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Comments on Tom's Sprint Training Article
By:  David Zylberberg   (2006/03/19)


I recently read Tom McCarthy's article on sprint training (That's an Excellent Question - How to Sprint.) and have a few concerns. First of all, I should point out that I agree with the technical things that Tom has recommended for improved sprinting. I also agree with the importance of practicing accelerations, starts and finishes at high speed in order to get good at them.

My understanding of sprint speed is that it involves a quick application of large forces from a balanced position. The balance on the ski is essential in order to be able to genereate the more powerful push and receive the resulting glide. It is also important to allow the relaxation phase that you suggest. I believe that we would agree about this understanding of sprinting. The question then becomes how best to develop the balance, quick application of large forces and ability to maintain it for 3 minutes and multiple rounds needed to sprint fast.

My first concern is with the amount of strength training that you propose. Weight training can help put on muscle mass and the forces one can generate but is generally done slowly and does not involve a quick application of force. It can be beneficial but is not the most important training element. Also, if the person is also interested in distance racing (as I understand Gavin to be) the increased bulk from lifting heavy weights can actually be detrimental. As a result, plyometrics are a lot more important for sprinting because they involve the quick application of maximal force and encourage the relaxation and power phases you encourage.

When I read your training suggestions, you are training less than 500 hours, which translates into 6 workouts a week in the dryland period. Yet you intend to lift weights twice and do plyometrics once per week. Thus, 3 weekly workouts are devoted to non-specific strength. The best way to develop balance on skiis is by skiing and rollerskiing. Furthermore, the best qay to train accelerations and speed for skiing is through short sprints and intervals on either skiis or rollerskiis. By spending 2-3 of your 6 workouts focused on general strength, where are these things going to be developed? The best training for ski racing is done on skiis and rollerskiis (technique is best learned here as is speed development). This season I have frequently trained with Erik Carleton, Ian Murray and Mike Argue (3 of Canada's top 10 sprinters and all raced the sprint at the Vernon World Cups). Erik has gone from a distance specialist to one who can sprint with the top Canadians this year despite never lifting a weight over 5kg (and then they were generally rocks being used in core strength exercises). He did this by improving his balance on skiis and increasing the speed of his intervals through the challenge from other sprinters. My next concern is with your suggestion of training less than 500 hours per year. I understand that you are currently very busy with a new job which has forced you to look at ways of maxmizing training time but that does not mean training less is ideal for sprinting. To be able to maintain high speeds for the last 30 seconds of world-class sprint courses or through multiple rounds requires a well developed aerobic base. The ability to flush lactates and function well aerobically to prevent their development is important for sprint racing. These abilities are developed through traditional distance and interval training. I cannot see these being developed well enough to be internationally competitive without training 600-700 hours/year as a senior racer. I understand that you have a large base from previous years which allows you to train less, but this is not a suggestion that works for those without.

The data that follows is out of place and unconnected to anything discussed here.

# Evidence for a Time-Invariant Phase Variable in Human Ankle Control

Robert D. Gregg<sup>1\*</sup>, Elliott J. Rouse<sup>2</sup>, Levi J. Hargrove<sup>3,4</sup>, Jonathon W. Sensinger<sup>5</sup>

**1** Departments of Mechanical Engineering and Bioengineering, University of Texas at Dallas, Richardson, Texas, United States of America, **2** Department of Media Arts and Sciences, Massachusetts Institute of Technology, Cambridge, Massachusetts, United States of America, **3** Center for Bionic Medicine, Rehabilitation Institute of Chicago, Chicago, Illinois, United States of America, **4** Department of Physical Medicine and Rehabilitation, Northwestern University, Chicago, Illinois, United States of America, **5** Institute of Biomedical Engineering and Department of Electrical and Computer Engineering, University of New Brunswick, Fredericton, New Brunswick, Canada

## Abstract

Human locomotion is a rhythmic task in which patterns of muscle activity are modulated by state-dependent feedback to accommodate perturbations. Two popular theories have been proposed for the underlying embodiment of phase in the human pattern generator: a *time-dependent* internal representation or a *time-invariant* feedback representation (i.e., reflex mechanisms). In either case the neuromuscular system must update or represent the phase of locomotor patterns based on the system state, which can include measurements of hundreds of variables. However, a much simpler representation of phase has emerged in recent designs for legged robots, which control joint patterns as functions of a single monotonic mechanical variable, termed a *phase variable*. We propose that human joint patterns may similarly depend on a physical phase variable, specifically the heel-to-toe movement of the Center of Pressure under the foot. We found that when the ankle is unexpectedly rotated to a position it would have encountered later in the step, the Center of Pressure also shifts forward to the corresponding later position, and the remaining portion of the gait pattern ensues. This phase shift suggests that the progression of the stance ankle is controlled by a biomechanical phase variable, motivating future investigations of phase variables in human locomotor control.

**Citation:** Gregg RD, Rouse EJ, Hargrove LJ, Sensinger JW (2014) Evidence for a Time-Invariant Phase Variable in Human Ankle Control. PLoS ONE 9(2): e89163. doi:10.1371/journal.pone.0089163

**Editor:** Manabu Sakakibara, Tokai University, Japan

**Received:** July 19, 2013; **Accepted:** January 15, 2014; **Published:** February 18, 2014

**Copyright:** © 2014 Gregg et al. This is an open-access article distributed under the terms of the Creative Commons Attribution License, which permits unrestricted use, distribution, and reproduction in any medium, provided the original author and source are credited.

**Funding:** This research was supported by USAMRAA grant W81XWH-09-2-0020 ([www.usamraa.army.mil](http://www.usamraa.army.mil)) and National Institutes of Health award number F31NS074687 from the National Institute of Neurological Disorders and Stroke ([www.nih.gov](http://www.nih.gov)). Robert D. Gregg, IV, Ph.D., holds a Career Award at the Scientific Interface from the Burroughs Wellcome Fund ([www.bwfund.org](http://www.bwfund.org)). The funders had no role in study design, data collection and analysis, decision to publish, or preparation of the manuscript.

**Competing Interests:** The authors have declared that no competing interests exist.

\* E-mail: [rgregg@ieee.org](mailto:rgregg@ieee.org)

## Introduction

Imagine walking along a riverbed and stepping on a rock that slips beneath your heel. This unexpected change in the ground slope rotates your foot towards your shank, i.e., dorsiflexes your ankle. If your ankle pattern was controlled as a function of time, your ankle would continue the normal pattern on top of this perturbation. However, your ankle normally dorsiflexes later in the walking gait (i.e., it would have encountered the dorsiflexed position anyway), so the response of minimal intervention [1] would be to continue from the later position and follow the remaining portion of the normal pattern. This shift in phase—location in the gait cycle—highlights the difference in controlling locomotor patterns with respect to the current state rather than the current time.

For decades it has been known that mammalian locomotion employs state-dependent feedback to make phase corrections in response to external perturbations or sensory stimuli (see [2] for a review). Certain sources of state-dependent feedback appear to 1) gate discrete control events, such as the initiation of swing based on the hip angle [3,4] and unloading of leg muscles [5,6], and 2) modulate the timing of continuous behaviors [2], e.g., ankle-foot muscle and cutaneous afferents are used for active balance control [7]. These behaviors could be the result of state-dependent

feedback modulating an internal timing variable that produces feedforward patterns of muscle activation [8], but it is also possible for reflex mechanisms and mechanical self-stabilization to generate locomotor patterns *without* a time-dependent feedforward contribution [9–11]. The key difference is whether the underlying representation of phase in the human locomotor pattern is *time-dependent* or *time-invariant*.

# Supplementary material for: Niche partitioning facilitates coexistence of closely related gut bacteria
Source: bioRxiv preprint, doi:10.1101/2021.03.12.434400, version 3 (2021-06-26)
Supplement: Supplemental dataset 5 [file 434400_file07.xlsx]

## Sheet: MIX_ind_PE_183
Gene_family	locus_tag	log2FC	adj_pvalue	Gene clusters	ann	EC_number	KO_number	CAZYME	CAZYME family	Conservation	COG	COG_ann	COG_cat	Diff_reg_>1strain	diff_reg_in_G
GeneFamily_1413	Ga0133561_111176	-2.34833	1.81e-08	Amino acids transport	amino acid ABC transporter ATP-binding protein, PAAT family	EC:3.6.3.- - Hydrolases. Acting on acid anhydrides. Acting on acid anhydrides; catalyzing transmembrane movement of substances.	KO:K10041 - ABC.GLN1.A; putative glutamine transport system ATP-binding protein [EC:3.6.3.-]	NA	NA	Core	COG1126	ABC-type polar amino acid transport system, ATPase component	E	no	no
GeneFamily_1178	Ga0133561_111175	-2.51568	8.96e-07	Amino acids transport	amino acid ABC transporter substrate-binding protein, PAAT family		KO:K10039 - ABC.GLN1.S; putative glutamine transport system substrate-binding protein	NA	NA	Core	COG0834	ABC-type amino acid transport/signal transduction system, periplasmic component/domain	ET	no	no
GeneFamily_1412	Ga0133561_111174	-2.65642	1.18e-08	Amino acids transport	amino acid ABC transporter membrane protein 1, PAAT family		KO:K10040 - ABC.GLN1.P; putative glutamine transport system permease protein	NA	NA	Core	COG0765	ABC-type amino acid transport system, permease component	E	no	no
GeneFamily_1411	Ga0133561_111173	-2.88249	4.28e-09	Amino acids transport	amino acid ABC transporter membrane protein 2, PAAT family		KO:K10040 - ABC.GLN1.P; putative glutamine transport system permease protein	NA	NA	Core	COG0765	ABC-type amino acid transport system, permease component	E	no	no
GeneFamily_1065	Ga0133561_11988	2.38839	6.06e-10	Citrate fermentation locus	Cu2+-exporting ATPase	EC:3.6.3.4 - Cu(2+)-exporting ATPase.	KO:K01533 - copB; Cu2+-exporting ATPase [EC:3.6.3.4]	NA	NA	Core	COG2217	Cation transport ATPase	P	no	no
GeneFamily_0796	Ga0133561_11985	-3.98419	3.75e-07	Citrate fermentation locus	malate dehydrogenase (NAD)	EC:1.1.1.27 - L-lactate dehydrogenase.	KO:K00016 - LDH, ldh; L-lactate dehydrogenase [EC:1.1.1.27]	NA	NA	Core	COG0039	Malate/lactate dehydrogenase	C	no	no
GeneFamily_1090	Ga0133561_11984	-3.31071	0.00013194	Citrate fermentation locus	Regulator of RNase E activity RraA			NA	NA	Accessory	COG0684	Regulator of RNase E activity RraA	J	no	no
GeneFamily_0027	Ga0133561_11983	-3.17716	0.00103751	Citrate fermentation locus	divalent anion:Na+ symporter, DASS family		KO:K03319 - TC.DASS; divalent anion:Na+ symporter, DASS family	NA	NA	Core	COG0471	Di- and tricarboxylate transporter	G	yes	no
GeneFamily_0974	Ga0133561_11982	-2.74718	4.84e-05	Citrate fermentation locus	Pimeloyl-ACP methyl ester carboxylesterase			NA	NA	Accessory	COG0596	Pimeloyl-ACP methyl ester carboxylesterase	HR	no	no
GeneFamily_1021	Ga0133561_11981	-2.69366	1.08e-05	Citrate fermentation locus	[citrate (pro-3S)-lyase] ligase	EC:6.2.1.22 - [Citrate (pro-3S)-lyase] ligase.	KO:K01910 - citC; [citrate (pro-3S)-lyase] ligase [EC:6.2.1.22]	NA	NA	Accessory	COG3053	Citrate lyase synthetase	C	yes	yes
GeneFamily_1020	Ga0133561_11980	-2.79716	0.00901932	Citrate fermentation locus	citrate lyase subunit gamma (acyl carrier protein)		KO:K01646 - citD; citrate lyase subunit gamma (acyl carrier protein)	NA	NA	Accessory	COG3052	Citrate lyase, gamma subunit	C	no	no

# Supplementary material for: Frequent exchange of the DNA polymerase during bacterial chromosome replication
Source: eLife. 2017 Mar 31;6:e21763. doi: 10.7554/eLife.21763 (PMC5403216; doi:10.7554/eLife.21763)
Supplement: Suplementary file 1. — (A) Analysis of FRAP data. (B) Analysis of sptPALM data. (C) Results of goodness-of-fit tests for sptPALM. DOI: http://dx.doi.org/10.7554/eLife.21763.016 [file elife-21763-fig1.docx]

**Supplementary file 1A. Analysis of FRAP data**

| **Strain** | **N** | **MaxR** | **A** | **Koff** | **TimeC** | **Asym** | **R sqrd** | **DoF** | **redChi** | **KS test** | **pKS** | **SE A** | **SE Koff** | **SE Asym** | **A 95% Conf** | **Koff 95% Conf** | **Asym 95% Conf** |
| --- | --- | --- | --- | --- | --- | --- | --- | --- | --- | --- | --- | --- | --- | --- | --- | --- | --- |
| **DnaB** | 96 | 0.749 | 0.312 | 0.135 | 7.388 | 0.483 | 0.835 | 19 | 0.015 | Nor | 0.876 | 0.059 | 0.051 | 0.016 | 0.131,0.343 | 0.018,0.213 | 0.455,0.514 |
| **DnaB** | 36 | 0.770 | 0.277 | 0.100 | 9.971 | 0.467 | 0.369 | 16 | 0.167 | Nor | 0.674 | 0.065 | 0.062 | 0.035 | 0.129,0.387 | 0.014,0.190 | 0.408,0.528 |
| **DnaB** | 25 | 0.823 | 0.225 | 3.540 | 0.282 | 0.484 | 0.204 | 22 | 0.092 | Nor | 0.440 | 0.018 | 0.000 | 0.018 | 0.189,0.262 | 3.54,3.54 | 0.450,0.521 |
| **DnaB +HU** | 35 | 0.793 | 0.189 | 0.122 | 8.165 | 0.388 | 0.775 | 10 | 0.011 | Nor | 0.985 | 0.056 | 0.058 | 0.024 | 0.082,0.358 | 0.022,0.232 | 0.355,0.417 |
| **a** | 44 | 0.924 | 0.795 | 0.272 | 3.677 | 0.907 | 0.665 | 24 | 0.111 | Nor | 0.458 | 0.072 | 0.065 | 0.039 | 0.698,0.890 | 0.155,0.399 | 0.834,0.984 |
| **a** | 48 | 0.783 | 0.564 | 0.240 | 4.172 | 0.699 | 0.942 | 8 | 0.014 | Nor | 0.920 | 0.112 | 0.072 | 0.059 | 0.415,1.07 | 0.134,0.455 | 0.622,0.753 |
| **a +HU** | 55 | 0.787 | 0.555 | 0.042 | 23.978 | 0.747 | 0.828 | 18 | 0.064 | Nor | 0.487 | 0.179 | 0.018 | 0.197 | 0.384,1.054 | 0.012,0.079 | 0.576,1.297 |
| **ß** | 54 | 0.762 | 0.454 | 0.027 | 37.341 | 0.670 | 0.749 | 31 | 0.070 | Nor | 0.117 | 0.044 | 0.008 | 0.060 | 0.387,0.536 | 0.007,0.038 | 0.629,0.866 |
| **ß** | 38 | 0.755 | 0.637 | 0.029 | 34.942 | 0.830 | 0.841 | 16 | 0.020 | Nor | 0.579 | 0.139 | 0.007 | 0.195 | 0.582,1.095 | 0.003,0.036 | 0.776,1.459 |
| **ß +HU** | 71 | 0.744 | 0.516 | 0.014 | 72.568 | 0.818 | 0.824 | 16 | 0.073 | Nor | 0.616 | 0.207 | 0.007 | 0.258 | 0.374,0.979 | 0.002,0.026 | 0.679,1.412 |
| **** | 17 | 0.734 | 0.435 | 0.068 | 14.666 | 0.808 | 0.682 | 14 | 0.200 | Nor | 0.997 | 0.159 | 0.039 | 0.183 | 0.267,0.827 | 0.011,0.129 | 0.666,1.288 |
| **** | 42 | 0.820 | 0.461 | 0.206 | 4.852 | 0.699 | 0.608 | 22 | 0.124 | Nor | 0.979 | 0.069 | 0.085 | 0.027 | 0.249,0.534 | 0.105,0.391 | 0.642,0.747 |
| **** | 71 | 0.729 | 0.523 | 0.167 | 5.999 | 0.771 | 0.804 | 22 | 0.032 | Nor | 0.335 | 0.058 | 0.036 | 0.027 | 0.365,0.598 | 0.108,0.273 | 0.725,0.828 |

Your suggestion that training less allows workouts to be better done is interesting. Doing all workouts effectively at a proper speed is essential for effective training. Being able to do workouts faster by being properly rested is highly beneficial. It comes from ensuring proper recovery between workouts and focus during workouts and from experience can be done with many more hours than you are proposing. I understand that many top international sprinters never train over 2 hours to ensure higher speed distance training and this may be a good idea. But they would compensate with more workouts to get in similar hours rather than fewer hours of training.

Finally, many skiers want not only to improve their sprinting, but also to continue to improve in distance races. Learning from your technical suggestions should help him in both kinds of races. However, for someone who still wants to be a fast distance skier, following your suggestions on hours and strength training would be detrimental. One can be among the top sprinters in Canada without compromising distance results by being able to effectively balance on a ski and doing effective high speed intervals. Doing more 10 second sprints on rollerskiis and skiis is probably the most effective way to improve sprinting and technique, while also helping for distance races.

Remember that the most effective training for ski racing (distance or sprint) is done on skiis and rollerskiis and that there is no substitute for focused hours and intervals in these activities.

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